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Faf du Plessis urges Australia to keep the aggression

Coach Justin Langer and Tim Paine have both pledged to change the win-at-all-costs culture that was rampant when Australian players tried to cheat in Cape Town.

FILE: David Miller and Faf du Plessis shake hands during their match against Australia. Picture: @OfficialCSA/Twitter.

BRISBANE - Australia have clearly toned down their sledging since a ball-tampering scandal broke, South Africa captain Faf du Plessis said Friday, but urged them not to totally sacrifice their confrontational approach.

Coach Justin Langer and Test skipper Tim Paine have both pledged to change the win-at-all-costs culture that was rampant when Australian players tried to cheat in Cape Town this year.

Their attempt to alter the ball with sandpaper rocked the game, led to bans for Steve Smith, David Warner and Cameron Bancroft and saw a clean-out of executives at Cricket Australia.

Du Plessis, who has just led the Proteas in three one-dayers against Australia, said there had been a marked change in their on-field behaviour and the baiting of opposition players had receded.

“The series in South Africa (earlier this year) was like that, especially that first Test in Durban. It was a feisty one,” he said in Brisbane ahead of a one-off Twenty20 on Saturday.

“Then comparing that to now, you can see they’re obviously trying to minimise that a bit more, and let the cricket do the talking.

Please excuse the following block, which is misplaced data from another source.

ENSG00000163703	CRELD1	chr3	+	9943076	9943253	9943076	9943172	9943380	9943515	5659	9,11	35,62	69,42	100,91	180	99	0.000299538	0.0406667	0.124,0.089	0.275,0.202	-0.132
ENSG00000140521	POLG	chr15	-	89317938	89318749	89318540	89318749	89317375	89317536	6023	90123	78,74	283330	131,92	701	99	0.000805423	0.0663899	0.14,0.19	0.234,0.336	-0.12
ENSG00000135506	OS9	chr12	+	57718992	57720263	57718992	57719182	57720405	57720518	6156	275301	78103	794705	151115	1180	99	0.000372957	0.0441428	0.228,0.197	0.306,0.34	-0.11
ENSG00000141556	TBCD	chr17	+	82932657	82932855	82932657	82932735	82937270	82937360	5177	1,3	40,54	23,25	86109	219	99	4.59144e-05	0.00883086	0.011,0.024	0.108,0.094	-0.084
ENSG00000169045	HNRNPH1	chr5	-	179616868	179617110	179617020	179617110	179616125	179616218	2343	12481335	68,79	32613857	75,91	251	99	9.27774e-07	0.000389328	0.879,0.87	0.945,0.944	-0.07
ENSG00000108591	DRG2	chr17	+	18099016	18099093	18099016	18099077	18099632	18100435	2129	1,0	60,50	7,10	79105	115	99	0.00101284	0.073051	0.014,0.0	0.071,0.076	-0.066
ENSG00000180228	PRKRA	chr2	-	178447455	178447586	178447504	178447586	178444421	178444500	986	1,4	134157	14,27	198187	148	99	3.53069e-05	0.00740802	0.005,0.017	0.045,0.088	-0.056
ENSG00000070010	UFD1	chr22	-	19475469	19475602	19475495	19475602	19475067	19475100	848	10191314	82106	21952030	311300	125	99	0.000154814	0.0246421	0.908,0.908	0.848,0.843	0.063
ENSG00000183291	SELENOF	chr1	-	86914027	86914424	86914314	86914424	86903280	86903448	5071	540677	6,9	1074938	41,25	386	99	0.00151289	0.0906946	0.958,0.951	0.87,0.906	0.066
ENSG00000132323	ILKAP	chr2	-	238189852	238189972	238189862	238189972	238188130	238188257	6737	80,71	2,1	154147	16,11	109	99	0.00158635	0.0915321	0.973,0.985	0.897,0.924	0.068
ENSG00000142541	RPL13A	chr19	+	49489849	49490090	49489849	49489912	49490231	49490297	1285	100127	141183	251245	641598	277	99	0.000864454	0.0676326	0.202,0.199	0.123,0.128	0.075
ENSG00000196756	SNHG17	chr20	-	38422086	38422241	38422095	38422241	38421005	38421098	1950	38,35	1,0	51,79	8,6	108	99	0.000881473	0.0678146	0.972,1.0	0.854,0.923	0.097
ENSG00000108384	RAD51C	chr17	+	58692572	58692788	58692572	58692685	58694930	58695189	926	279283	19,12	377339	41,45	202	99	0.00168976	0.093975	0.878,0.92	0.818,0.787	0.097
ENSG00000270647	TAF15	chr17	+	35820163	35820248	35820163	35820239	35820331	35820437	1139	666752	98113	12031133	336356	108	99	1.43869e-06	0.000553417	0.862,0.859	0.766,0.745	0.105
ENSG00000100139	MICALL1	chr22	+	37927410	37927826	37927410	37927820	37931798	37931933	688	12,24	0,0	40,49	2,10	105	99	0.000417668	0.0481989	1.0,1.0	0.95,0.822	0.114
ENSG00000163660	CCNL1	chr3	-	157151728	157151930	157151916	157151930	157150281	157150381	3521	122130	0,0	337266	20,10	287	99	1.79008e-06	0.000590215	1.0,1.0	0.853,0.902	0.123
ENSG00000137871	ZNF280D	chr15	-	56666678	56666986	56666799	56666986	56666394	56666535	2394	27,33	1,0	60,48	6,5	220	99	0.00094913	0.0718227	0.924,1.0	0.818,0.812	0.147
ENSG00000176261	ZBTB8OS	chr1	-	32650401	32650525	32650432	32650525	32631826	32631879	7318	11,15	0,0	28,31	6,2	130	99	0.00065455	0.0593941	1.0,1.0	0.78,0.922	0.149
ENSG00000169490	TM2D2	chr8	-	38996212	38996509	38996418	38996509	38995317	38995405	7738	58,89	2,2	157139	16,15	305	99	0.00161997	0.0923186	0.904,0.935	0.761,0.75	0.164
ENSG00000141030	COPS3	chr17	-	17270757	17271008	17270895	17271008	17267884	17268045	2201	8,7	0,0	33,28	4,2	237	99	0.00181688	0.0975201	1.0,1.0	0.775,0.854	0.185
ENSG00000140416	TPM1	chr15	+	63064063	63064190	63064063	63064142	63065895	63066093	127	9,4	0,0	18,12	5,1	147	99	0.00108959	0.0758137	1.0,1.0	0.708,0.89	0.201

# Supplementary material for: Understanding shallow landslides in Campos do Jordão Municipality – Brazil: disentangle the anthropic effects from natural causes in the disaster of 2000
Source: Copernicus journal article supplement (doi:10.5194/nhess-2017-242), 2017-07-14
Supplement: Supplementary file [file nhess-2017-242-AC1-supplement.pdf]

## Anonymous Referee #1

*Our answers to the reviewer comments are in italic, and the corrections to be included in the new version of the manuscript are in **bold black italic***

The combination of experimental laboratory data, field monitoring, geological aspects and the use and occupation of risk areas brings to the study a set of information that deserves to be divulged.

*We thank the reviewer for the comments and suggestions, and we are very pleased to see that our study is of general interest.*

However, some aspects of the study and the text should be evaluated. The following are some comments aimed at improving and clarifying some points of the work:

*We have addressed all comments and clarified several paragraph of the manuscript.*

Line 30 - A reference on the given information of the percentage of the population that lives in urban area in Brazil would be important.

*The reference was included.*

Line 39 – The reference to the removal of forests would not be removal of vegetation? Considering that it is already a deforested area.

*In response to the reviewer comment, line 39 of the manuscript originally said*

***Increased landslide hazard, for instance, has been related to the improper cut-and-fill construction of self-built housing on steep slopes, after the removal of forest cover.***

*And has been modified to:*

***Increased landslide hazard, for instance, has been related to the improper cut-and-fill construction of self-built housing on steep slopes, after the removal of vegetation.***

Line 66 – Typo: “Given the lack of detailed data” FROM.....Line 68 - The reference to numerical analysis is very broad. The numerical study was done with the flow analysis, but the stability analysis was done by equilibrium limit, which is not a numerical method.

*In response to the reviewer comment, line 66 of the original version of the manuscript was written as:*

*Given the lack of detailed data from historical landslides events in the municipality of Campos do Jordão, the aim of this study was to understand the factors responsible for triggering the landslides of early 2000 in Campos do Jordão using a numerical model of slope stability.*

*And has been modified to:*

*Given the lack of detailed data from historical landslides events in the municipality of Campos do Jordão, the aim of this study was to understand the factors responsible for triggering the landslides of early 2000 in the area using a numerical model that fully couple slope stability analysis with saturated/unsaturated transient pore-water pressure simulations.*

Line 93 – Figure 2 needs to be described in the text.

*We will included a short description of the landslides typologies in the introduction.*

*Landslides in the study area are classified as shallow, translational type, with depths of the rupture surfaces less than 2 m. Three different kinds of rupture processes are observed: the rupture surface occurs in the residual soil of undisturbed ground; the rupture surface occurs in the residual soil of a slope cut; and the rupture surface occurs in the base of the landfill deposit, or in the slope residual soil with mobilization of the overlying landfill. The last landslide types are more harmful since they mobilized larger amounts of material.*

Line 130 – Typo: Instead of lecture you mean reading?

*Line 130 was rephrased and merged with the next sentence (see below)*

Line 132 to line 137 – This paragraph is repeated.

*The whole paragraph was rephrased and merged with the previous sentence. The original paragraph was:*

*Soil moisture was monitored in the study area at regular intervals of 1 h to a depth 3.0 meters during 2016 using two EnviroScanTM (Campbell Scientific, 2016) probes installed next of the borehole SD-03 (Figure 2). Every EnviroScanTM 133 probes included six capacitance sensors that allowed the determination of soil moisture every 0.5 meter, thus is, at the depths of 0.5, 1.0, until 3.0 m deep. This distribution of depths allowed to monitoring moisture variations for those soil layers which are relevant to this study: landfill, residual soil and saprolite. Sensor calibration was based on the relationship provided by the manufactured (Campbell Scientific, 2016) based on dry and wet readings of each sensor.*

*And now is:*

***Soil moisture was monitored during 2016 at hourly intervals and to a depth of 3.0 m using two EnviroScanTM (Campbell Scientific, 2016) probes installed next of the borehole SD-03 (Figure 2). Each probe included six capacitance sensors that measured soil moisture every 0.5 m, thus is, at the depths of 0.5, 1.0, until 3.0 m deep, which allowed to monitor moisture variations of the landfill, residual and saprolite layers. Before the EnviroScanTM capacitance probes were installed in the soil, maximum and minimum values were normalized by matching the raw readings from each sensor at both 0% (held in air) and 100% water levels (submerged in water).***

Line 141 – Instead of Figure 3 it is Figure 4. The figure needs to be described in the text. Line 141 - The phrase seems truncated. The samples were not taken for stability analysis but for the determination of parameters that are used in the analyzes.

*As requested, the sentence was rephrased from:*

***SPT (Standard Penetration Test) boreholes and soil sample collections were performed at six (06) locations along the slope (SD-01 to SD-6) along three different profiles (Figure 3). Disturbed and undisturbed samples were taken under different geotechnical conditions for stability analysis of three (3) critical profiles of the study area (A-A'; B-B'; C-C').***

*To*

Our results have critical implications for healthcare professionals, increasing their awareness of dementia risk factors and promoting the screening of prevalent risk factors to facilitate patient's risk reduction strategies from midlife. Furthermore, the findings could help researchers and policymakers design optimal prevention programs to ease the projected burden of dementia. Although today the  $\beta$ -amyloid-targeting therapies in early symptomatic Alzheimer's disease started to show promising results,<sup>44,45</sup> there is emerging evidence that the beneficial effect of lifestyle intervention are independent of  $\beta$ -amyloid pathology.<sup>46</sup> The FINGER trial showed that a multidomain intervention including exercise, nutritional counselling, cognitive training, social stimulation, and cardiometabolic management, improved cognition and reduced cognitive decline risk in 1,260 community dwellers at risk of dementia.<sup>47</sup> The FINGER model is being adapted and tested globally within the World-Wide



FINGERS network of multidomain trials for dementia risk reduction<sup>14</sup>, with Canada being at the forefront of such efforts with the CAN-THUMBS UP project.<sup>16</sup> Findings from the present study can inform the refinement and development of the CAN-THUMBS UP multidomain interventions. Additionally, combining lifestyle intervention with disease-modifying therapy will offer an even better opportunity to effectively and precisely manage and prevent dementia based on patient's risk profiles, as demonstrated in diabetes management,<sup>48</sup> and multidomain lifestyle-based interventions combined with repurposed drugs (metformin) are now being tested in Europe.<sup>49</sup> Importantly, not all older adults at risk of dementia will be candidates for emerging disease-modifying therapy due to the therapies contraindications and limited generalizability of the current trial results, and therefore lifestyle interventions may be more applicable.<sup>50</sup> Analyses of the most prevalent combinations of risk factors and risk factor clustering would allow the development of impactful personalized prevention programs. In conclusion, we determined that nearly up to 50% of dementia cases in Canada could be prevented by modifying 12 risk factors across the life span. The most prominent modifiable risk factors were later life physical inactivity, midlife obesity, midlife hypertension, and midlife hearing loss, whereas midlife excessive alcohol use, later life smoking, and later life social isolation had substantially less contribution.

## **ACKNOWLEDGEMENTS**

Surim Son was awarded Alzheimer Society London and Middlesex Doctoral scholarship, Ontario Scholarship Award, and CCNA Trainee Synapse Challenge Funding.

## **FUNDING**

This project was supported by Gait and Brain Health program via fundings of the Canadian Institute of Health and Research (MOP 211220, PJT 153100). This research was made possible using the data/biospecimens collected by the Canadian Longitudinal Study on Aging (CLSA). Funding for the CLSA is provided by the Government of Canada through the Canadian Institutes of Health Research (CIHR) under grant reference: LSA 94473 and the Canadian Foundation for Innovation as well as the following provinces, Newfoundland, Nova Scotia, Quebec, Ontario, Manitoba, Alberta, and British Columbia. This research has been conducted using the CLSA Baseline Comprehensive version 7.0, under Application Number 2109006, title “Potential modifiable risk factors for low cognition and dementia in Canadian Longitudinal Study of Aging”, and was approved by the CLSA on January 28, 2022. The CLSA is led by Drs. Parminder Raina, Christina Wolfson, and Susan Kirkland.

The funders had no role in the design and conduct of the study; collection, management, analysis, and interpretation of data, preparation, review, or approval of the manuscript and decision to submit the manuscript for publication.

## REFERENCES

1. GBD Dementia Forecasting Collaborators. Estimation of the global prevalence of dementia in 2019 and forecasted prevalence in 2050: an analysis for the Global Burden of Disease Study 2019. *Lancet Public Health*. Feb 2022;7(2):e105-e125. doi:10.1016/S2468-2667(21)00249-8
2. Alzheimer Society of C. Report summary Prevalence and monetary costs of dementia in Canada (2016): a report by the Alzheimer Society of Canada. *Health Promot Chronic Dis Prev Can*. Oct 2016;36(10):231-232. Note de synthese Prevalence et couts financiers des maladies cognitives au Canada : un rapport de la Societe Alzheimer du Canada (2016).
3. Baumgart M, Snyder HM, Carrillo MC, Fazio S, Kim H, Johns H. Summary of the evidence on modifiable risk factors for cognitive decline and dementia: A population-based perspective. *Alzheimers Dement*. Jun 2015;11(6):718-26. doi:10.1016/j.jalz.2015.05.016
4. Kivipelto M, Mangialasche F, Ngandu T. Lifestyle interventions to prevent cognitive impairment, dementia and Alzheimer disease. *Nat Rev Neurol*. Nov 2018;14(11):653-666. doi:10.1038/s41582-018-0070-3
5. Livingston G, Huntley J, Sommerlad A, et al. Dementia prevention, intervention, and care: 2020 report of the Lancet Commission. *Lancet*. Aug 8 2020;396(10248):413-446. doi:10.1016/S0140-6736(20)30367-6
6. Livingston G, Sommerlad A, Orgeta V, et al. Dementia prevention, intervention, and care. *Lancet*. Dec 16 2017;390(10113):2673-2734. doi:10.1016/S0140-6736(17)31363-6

“I think that’s the way the game’s moving anyway. These days, chirping’s not as big a part of cricket. Obviously, the stump mics, TVs, there’s a lot of emphasis from the ICC that it needs to be a gentleman’s game.

“There’s a lot of kids watching the game... so chirping, swearing, all that stuff has been really toned down, so I think it’s a general thing that’s happened in the game.

“But if you compare the two series then yes, there’s been a big difference in the way that they talk on the field.”

One of Australia’s strengths in the past had been their aggressive and “in-your-face” approach, unsettling batsmen and bowlers with their back-chat.

Since moving away from that and adopting a “be nice” policy, their results have nosedived.

Du Plessis, who once referred to the Australians as being “like a pack of wild dogs”, said he revelled in the confrontation and urged them not to totally abandon traits that had brought them so much success.

“I’ve always believed that you must never take away your uniqueness as a strength. If your strength is to be in guys’ faces, then you must use that,” he said.

“Obviously there are laws now where you can’t cross that line, but if you’re a personality that requires that to get the best out of yourself and therefore perform the best for the team, then, by all means, do that within the boundaries that are allowed.”

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